Secretary of State - Uniform Commercial Code
As background, farm products are treated differently under the Uniform Commercial Code (UCC) than most other products. For most other products, a buyer of inventory in the ordinary course of business generally takes possession free and clear of security interests created by its seller under the UCC, even if the security interest is perfected and the buyer knows of its existence. Unfortunately, a buyer of farm products does not receive the benefit of this general rule under the UCC.
However, the Food Security Act of 1985 overrides the UCC to protect a buyer of farm products in the ordinary course of business from security interests created by its seller unless the applicable secured party complies with the Food Security Act’s requirements. This protection was created because Congress did not want buyers of farm products in the ordinary course of business to have to pay twice for farm products – once to the seller and again to the secured party with a security interest in the farm product - if the buyer was unaware of the security interest in the farm product.
However, if buyers of farm products are notified of the secured party’s security interest, they become liable if they do not honor the protections provided by the security interest.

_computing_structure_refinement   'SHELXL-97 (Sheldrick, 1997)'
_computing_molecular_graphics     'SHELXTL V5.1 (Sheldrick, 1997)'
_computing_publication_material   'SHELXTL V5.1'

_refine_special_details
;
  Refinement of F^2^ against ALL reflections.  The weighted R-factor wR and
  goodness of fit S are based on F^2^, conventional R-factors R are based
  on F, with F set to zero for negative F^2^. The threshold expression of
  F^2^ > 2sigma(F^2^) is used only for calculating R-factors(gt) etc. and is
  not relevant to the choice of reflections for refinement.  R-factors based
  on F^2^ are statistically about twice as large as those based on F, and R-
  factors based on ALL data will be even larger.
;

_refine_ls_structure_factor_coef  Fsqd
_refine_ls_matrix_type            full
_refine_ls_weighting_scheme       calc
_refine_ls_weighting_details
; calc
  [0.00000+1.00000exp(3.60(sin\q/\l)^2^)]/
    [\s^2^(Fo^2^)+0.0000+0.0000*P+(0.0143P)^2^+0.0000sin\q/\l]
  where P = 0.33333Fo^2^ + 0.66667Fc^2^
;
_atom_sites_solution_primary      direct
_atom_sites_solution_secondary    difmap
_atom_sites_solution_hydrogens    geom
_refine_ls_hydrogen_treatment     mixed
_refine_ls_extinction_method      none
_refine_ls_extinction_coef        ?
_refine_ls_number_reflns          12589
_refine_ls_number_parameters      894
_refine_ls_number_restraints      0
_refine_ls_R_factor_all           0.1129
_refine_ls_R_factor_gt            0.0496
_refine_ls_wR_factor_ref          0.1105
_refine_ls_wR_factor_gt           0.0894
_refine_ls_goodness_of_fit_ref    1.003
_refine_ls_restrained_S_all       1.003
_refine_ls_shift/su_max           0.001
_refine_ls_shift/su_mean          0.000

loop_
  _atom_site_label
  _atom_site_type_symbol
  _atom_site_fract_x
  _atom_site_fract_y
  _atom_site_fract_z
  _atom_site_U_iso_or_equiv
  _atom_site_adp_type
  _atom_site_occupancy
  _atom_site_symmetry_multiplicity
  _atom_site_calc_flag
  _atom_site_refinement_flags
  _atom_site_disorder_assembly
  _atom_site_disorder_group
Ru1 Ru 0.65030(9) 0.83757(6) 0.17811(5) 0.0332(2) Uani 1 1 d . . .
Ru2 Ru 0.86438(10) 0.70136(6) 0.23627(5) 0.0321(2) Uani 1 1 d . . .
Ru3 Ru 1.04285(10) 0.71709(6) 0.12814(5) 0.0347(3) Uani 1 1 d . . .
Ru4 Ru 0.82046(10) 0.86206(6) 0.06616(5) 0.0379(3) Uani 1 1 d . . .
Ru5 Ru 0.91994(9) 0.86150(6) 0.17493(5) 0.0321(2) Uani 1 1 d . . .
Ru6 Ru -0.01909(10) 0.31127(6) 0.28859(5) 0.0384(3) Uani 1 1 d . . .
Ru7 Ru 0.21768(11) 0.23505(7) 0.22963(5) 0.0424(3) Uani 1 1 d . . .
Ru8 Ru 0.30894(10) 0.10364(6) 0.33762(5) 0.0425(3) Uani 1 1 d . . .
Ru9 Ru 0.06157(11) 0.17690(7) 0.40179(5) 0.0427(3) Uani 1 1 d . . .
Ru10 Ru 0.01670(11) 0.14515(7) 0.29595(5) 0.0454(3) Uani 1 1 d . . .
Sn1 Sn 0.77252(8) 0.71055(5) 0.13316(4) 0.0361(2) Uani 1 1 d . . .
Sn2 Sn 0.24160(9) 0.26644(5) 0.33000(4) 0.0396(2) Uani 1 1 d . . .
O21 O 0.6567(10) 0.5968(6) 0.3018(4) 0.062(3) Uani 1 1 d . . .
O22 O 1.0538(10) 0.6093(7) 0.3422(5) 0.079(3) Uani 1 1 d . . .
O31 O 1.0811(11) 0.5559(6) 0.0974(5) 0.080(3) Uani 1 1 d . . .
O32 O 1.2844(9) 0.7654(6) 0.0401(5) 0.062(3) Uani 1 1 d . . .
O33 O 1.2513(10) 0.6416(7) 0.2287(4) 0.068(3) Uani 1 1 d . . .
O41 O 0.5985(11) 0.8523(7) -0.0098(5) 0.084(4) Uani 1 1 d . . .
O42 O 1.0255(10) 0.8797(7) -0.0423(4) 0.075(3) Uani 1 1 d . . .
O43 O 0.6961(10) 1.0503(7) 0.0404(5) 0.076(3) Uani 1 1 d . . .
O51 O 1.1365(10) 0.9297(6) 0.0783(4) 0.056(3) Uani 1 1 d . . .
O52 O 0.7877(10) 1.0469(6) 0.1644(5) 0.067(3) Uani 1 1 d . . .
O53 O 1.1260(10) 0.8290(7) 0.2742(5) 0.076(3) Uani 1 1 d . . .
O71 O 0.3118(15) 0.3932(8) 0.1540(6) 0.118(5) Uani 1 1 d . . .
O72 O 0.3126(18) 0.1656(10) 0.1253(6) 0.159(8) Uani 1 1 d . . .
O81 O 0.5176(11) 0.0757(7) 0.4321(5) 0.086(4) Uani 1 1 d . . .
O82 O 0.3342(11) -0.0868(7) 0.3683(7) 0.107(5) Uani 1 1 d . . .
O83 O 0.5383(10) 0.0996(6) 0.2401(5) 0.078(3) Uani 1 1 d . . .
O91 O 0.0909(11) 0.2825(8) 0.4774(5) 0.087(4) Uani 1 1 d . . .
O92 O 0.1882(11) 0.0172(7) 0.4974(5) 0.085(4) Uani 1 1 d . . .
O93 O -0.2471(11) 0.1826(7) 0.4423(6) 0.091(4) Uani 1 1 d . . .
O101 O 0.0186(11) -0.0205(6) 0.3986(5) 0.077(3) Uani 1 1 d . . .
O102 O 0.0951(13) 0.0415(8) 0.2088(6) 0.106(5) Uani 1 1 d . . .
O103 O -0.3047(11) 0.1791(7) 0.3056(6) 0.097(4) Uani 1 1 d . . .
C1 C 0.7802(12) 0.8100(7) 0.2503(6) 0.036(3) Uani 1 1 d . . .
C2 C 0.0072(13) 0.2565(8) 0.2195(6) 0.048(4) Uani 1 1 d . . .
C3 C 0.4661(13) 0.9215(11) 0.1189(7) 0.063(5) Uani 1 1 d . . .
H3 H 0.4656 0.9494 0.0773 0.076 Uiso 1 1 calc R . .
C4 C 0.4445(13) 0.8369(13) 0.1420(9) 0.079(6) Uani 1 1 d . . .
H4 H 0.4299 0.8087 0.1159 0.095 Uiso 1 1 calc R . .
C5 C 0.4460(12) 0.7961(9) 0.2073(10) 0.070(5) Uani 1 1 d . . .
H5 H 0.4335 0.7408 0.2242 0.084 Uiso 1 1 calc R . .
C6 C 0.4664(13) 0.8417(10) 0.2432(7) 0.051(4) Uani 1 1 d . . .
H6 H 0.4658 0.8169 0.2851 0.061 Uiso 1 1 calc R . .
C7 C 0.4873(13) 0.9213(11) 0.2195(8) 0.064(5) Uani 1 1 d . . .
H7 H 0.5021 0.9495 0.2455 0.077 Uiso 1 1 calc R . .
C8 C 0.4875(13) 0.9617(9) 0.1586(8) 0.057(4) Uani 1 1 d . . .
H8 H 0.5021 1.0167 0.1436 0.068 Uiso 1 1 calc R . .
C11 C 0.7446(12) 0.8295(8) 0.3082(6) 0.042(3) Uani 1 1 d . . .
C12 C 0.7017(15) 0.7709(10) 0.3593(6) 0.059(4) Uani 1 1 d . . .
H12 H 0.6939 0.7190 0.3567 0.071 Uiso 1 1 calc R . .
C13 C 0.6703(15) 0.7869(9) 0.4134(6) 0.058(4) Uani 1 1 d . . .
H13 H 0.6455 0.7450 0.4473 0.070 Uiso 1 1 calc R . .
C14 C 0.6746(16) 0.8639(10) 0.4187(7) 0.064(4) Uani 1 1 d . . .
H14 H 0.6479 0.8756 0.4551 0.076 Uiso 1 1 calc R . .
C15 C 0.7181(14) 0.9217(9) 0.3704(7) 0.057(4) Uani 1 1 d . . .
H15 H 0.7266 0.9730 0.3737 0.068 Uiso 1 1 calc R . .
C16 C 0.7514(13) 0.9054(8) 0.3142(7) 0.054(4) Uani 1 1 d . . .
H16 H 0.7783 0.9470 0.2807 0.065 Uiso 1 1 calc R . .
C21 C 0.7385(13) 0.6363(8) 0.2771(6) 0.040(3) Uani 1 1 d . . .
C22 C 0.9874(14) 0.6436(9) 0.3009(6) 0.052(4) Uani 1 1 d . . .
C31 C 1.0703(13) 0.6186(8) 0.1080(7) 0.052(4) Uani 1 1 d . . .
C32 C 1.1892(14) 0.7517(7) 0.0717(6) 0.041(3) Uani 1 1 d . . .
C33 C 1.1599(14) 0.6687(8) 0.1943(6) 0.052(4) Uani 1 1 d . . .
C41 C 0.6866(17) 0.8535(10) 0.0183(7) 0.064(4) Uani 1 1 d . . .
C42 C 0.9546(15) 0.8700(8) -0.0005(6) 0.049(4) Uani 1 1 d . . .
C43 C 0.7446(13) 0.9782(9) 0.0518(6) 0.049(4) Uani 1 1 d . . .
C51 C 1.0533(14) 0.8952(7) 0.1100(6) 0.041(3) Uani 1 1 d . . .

Through the Food Security Act of 1985, Congress created two different ways for secured parties to notify buyers of security interests. First, secured parties may directly notify buyers of farm products of the security interest (direct notice) or if the state has a certified central filing system, the secured party may file an effective financing statement with the state and the onus and liability falls on the buyer to determine if security interests exist at the time of purchase.
Under central filing systems, grain buyers bare the risk of successfully identifying the security interests of their producer customers in the central filing system and administrative burden increases for not only grain buyers, but also producers due to the increase in two or more party checks that are needed for regulatory compliance.
Currently, 31 states utilize direct notice and 19 states (including Nebraska) have central filing systems certified by the U.S. Department of Agriculture. Almost all central filing systems were created shortly after the Food Security Act of 1985 was implemented.